Biomass - bad for trees, bad for the planet

A new report out today finds that using forest timber (biomass) for heating, electricity generation or liquid ‘biofuel’ could severely harm forests and accelerate global warming.

The report titled, Fuelling a Biomess, and authored by Greenpeace Canada, points to scientific evidence showing how using forests for energy can be worse for the climate than burning coal. 

The US is set to overtake Canada as the world’s biggest exporter of wood pellets, which are used in power plants and burnt instead of fossil fuels.

The report recommends:

  • Using woody biomass for energy production should be restricted to a local, small-scale use of mill residues.
  • Approval of new wood-based bioenergy projects should cease, pending public hearings, a full accounting of the life-cycle climate and biodiversity footprints, and a re-thinking of government policies. 

You can read a complete version of the report here: Fueling a Biomess, burning trees for energy puts Canadian forests and climate at risk.

[Note: a big warm hello to all the DeSmog readers! Been a while since I have written here, but I think I have the time to do so now.]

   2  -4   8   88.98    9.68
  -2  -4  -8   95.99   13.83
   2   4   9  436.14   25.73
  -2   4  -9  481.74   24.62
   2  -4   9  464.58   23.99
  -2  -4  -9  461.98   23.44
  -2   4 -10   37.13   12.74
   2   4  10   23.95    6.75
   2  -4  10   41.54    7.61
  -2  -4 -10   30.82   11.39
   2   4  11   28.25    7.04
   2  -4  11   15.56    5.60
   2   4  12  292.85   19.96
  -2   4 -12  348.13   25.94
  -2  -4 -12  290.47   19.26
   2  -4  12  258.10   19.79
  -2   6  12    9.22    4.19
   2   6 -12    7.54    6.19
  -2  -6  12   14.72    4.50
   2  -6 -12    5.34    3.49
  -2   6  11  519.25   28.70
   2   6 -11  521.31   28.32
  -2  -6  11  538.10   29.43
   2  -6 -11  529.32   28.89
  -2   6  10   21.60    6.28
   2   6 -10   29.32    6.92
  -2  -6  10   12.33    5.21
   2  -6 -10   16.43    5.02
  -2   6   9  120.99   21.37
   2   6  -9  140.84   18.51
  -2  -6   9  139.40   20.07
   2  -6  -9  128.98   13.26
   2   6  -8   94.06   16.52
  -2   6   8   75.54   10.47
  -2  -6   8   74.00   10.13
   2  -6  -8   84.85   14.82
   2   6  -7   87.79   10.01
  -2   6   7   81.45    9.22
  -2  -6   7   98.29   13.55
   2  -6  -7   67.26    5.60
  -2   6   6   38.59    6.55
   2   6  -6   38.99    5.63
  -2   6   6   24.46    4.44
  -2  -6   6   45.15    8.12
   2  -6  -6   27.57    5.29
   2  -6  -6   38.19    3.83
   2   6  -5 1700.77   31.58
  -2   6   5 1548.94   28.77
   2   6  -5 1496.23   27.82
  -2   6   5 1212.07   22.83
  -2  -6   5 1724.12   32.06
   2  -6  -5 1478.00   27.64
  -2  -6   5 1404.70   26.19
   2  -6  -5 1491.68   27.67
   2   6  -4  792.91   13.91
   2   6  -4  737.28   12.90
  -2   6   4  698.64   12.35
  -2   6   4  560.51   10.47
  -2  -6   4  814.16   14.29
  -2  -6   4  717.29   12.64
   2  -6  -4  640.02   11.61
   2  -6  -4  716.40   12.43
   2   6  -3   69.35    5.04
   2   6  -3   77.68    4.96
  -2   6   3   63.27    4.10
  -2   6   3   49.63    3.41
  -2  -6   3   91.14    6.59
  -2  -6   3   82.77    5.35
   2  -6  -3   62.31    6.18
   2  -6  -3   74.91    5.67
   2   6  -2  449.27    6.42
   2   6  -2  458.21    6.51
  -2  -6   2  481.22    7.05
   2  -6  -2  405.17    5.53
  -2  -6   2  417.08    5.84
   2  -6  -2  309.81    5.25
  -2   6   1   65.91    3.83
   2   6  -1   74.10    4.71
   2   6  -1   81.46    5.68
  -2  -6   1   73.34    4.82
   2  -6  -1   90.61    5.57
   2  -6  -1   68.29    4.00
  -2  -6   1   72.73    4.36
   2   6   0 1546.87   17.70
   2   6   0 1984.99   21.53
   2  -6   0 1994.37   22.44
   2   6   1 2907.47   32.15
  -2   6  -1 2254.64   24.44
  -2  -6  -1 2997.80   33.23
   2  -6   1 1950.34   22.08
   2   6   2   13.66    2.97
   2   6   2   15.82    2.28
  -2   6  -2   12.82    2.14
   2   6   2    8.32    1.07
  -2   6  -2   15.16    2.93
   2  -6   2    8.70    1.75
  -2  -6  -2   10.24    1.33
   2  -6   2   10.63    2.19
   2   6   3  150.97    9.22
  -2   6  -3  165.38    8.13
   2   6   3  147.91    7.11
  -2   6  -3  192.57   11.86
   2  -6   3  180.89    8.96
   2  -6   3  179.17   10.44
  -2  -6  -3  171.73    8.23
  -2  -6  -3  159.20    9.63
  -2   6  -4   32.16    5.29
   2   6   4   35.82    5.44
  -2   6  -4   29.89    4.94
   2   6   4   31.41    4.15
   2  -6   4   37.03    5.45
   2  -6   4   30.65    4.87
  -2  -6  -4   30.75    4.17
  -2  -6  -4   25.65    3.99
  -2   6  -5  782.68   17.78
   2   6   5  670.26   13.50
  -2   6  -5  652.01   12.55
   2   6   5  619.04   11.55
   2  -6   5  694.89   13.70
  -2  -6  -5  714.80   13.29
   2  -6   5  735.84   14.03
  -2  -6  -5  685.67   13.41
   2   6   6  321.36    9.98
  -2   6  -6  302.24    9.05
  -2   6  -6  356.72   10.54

I don’t know about Canada, but in the meditteranean climate of Northern California, a biomass treatment can reduce the risk of high intensity fire.  Biomass operations here are done with logging residue and small diameter trees that were thinned out.  The thinning operations that are made economically feasible by biomass utilization will give the remaining trees room to spread out their roots and grow, making them more resistant to drought.  Their bark will get thicker quicker, making them more likely to survive a moderate intensity wildfire.  A thinning can favor drought resistant species such as ponderosa pine, while removing more of species that are very susceptible to climate change, such as white fir. 

I agree on the need to keep it local.  Why in the world would anyone ship a low density energy source like wood pellets overseas.  It must be a boutique market.  The wood chip generating plants in my region can only afford to haul chips 50-75 miles, depending on road quality. 

This “report” title (“Fuelling a BioMess”) reveals what an obvious screed this is. It denigrates the sincere and conscientious RD&D that has gone into finding significant roles that Canada’s renewable feedstocks, beetle kill, and waste streams can play in reducing fossil fuel dependence (i.e., non-renewable, clearly environmentally destructive practices like tar sands oil recovery).